Anything that couldn’t be printed was valued, especially stable foreign currency.
Millions of persons are, I think accurately, reported to be buying foreign currencies in anticipation of fresh tax burdens and to be hoarding foreign bank notes….I hardly know a German of either sex who isn’t speculating in foreign currencies
This quote has an eerie resonance with today, except that the speculation is in cryptocurrency. Equally popular was trading in shares, as people mistakenly assumed that somehow the spiralling value of German companies avoided the same hyperinflation trap. Today stockmarkets are at all-time highs. As are house prices, in fact anything that the government can’t print.
The same was true in Weimar Germany. Businesses invested any local currency for plant and machinery, which held its value. Exporters became the most envied, amassing valuable foreign currency, while farmers stopped selling produce altogether, preferring to hold onto their grain, eggs and meat. The result was urban vigilantes going on rural rampages.
The towns were starving . The countryside had had a bumper harvest, but there it remained because of the farmers’ steadfast refusal to take paper for it at any price.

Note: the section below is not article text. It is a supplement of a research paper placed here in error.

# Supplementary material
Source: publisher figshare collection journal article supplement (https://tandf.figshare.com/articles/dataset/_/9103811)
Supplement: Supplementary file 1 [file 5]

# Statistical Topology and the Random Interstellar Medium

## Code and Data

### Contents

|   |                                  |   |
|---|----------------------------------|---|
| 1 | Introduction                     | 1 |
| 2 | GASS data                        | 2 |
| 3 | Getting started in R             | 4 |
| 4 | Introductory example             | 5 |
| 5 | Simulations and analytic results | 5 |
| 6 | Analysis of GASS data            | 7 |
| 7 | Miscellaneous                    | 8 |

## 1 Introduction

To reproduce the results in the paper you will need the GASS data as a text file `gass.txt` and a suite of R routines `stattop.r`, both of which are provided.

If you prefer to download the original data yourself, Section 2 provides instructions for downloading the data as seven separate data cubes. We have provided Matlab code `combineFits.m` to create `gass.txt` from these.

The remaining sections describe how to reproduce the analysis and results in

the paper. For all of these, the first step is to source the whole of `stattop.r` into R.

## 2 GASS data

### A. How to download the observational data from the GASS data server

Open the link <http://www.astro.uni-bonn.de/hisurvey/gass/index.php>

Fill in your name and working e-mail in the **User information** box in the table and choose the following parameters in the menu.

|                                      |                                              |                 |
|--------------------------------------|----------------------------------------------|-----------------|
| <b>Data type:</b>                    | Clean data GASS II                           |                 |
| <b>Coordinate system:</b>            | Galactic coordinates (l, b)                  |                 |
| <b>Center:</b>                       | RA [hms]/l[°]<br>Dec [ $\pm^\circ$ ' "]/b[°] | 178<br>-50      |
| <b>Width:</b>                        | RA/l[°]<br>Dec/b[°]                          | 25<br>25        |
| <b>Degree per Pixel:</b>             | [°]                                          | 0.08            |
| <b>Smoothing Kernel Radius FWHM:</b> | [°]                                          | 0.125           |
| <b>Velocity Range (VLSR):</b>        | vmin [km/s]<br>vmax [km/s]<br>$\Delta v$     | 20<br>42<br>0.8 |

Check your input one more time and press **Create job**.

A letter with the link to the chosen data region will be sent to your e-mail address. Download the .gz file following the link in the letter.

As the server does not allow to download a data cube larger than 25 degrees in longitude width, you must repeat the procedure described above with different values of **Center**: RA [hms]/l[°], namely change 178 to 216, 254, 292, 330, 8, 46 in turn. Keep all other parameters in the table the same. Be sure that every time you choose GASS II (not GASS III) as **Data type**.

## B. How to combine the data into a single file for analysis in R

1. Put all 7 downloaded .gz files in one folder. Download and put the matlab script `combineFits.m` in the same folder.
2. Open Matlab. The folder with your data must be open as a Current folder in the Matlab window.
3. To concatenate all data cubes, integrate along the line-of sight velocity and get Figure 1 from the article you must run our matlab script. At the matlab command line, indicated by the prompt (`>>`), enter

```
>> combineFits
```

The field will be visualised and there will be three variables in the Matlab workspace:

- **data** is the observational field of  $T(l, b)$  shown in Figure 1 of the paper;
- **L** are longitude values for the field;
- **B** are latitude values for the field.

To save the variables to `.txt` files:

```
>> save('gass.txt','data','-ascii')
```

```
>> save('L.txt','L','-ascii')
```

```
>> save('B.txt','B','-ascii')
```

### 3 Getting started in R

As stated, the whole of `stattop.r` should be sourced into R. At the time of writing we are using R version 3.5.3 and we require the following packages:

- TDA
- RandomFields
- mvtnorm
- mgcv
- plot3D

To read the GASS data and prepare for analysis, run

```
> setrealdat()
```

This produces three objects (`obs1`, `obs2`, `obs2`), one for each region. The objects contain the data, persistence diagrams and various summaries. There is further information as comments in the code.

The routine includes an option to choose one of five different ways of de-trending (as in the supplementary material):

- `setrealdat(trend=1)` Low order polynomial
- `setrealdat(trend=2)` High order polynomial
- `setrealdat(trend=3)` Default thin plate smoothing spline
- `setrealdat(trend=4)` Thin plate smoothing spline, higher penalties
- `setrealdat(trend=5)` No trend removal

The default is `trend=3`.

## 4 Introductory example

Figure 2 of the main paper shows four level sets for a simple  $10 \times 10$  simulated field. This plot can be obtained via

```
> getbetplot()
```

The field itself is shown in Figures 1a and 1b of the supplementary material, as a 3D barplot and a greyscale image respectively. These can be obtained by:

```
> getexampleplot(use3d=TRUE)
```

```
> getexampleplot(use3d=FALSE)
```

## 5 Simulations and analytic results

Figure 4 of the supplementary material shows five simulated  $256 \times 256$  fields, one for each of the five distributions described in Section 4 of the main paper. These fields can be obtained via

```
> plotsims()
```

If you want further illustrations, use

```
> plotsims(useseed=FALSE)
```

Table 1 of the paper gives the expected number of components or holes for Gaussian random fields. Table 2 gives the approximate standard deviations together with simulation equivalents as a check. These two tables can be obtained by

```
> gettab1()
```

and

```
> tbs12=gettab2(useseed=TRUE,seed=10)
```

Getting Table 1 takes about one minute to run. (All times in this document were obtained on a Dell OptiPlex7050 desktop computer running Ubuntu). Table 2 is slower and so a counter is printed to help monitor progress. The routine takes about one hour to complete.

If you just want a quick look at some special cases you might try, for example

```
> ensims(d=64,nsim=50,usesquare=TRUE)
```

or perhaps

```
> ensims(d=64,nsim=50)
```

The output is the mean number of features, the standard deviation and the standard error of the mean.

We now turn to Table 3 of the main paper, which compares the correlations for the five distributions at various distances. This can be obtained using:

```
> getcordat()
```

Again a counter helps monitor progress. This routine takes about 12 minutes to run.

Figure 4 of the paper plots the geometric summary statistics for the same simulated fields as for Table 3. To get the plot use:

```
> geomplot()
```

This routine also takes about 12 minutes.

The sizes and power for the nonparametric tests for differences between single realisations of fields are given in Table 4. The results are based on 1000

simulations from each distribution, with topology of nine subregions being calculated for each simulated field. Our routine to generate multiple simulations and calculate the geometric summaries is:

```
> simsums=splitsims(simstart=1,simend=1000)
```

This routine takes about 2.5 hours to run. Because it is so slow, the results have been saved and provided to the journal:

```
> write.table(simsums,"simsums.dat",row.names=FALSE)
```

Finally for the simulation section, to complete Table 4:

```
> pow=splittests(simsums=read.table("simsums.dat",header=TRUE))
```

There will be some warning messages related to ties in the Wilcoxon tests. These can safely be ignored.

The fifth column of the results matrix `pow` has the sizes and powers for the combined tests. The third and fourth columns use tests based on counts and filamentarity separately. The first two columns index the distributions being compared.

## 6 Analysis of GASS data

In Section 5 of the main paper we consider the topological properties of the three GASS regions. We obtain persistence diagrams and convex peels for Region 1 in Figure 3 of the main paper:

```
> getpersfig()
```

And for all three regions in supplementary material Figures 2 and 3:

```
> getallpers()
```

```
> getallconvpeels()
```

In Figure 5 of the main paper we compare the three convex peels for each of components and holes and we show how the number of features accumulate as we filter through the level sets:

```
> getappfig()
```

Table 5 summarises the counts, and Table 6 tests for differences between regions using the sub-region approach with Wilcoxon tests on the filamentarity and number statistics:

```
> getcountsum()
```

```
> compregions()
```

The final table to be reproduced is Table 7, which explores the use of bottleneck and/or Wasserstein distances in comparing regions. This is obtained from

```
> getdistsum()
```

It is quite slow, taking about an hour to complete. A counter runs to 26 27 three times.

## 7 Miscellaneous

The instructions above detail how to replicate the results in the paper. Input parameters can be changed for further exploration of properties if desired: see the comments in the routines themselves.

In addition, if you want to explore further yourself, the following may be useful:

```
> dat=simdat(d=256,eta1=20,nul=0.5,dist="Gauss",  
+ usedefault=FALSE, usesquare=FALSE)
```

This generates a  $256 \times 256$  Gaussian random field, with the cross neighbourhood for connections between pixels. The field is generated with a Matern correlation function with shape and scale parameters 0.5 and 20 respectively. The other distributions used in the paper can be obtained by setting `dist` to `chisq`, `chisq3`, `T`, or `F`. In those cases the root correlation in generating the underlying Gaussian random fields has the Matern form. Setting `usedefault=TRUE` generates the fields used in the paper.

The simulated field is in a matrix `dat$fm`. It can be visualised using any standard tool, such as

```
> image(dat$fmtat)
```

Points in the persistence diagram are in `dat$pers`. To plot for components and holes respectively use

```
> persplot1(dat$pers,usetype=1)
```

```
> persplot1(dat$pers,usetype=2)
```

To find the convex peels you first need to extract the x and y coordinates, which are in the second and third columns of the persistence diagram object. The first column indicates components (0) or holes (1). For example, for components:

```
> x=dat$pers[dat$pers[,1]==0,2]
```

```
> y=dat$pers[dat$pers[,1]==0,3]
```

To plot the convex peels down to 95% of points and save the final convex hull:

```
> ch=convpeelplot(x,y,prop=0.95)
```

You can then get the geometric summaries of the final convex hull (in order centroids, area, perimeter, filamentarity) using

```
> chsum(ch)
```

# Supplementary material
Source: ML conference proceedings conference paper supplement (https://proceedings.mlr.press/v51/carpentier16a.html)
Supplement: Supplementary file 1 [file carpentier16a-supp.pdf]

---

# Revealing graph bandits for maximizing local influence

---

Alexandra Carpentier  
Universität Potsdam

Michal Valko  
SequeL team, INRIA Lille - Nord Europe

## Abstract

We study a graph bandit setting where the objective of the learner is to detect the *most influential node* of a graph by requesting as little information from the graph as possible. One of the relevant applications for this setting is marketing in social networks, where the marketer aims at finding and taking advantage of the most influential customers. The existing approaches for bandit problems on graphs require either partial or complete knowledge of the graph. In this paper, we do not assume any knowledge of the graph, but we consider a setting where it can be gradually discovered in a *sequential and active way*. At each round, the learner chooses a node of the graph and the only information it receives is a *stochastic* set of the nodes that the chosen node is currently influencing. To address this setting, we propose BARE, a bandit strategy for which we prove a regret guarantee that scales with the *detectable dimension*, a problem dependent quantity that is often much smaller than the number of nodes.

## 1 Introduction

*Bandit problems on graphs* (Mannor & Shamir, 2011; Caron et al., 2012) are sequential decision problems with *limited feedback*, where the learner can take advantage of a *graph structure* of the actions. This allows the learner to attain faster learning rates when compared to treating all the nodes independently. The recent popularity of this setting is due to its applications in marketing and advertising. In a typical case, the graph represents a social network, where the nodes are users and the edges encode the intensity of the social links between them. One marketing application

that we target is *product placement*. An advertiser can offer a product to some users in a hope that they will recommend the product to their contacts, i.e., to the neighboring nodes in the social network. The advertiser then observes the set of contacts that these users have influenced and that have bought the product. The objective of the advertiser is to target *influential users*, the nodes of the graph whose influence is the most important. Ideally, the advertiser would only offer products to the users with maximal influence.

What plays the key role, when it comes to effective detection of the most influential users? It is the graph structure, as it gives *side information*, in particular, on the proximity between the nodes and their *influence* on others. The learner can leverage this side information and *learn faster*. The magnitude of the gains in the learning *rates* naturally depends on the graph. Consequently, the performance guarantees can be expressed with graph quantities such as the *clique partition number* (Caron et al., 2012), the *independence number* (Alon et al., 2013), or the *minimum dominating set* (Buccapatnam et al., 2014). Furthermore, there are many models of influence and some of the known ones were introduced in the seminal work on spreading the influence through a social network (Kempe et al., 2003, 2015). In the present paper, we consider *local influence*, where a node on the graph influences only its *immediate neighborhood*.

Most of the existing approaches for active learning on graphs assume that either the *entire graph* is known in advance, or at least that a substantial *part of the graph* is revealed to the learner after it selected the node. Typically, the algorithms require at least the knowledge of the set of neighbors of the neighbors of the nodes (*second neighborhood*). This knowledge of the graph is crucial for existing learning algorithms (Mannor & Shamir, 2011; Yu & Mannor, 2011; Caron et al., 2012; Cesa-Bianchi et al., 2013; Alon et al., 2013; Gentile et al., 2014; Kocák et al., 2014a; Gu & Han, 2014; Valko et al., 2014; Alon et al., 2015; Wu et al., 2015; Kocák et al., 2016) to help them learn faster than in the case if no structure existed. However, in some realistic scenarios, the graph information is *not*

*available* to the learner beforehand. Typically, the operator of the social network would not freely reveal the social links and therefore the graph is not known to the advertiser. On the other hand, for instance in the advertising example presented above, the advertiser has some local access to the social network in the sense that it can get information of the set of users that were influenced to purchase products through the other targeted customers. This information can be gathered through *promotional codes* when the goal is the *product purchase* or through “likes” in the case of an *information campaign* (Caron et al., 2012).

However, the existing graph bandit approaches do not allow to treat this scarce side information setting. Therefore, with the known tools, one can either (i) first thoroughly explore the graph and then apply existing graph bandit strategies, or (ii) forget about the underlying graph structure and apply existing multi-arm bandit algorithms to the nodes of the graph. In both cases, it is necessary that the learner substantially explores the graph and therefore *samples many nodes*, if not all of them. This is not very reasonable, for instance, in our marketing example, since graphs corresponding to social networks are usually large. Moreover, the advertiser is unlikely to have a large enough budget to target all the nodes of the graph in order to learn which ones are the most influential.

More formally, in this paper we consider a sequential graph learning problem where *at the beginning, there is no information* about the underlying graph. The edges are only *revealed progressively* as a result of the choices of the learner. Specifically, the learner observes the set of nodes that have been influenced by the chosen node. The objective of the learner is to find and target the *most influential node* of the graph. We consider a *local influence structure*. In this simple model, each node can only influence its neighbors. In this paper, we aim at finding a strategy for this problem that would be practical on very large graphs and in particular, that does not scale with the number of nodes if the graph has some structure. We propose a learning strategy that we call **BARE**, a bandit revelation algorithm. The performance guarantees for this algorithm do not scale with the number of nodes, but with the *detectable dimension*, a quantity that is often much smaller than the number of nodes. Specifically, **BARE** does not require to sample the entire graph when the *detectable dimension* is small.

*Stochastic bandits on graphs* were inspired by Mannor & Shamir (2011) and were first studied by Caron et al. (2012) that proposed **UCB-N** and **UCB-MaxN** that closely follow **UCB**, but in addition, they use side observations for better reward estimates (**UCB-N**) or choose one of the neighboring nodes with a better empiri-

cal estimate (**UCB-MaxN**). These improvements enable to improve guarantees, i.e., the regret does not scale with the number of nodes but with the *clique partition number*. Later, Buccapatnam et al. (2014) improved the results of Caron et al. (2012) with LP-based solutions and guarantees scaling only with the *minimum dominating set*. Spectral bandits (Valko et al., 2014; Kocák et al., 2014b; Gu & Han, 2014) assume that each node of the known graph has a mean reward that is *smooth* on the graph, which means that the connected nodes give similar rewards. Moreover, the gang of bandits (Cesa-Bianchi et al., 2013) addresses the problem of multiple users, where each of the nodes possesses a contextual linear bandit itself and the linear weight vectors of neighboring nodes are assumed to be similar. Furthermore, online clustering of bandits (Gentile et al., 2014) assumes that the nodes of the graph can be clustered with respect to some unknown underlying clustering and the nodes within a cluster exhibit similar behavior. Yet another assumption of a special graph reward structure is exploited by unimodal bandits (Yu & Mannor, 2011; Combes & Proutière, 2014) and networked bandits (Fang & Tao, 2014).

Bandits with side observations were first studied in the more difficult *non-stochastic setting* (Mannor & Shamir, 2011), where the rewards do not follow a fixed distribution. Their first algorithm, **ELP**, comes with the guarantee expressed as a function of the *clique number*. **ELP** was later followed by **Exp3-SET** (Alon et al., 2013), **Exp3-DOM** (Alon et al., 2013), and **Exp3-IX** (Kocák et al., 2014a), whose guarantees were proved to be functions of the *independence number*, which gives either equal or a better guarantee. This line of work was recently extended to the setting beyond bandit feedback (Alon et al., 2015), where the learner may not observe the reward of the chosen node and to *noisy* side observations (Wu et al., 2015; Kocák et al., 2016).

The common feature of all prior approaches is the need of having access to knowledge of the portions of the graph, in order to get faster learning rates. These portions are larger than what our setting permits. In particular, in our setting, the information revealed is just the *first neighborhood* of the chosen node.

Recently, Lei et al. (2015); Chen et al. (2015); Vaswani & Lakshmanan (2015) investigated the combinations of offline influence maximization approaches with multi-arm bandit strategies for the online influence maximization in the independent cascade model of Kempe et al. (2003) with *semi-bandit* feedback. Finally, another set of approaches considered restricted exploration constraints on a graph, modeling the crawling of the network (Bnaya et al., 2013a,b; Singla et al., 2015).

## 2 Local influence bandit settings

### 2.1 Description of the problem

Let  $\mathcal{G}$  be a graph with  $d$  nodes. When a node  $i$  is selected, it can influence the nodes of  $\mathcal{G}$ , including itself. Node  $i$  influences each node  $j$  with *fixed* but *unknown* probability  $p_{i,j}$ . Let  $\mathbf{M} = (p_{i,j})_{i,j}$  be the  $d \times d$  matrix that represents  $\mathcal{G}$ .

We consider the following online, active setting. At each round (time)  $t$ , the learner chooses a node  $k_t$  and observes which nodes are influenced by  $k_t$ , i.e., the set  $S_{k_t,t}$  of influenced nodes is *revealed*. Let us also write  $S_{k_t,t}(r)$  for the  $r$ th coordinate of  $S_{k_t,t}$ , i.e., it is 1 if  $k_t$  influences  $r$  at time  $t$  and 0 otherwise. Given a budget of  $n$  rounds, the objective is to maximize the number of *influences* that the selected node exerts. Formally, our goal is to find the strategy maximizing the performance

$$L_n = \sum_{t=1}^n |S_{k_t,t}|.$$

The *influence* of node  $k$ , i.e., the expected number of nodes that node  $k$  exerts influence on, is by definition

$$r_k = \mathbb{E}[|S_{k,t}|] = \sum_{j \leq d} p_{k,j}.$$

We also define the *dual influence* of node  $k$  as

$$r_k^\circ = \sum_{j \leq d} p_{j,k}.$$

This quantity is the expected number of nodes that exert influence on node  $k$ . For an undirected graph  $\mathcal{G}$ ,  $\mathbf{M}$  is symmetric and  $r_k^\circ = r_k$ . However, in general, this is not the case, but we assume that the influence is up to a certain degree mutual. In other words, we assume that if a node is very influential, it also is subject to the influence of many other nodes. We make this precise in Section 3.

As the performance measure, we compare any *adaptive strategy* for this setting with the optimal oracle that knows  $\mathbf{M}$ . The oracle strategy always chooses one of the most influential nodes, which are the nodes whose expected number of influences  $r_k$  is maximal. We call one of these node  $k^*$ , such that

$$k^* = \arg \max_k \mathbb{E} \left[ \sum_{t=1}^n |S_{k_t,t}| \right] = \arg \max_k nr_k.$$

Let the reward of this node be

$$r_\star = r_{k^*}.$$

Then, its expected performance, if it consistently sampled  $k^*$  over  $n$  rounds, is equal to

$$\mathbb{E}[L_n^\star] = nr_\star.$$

Germany wasn’t alone in experiencing hyperinflation, Hungary and Austria went the same way and each eventually had to start again with new money, but the repercussions were enormous.
You might think that the Weimar hyperinflation was 100 years ago and may as well be 1,000 years, given how much the world has changed, but the basic rules of money are the same. Right now Venezuela is experiencing hyperinflation while an estimated 1.2 billion people live with double digit inflation or worse.
As with the situation in Germany after the first World War, it isn’t just about economics but politics, power and influence. This is what cryptocurrency, money based on rules not rulers, is trying to fix.
The Bitcoin Protocol is a set of rules that dictate how many bitcoin will ever exist, and because there is no central authority those rules can be changed. The ability to enforce digital scarcity on money is one of the reasons Bitcoin is heralded as the future of money, as it would make a repeat of the madness of the Weimar Republic far less likely.
There are no guarantees that Bitcoin, or some other crypto can provide a more stable money but history has shown that money always evolves to the soundest form. Just as the Weimar Republic could only dig itself a bigger hole, present governments, focused on short term election cycles, seem intent on printing today and leaving the debt problem for the next generation. The question you have to ask yourself is how long that can continue before money as we know it dies?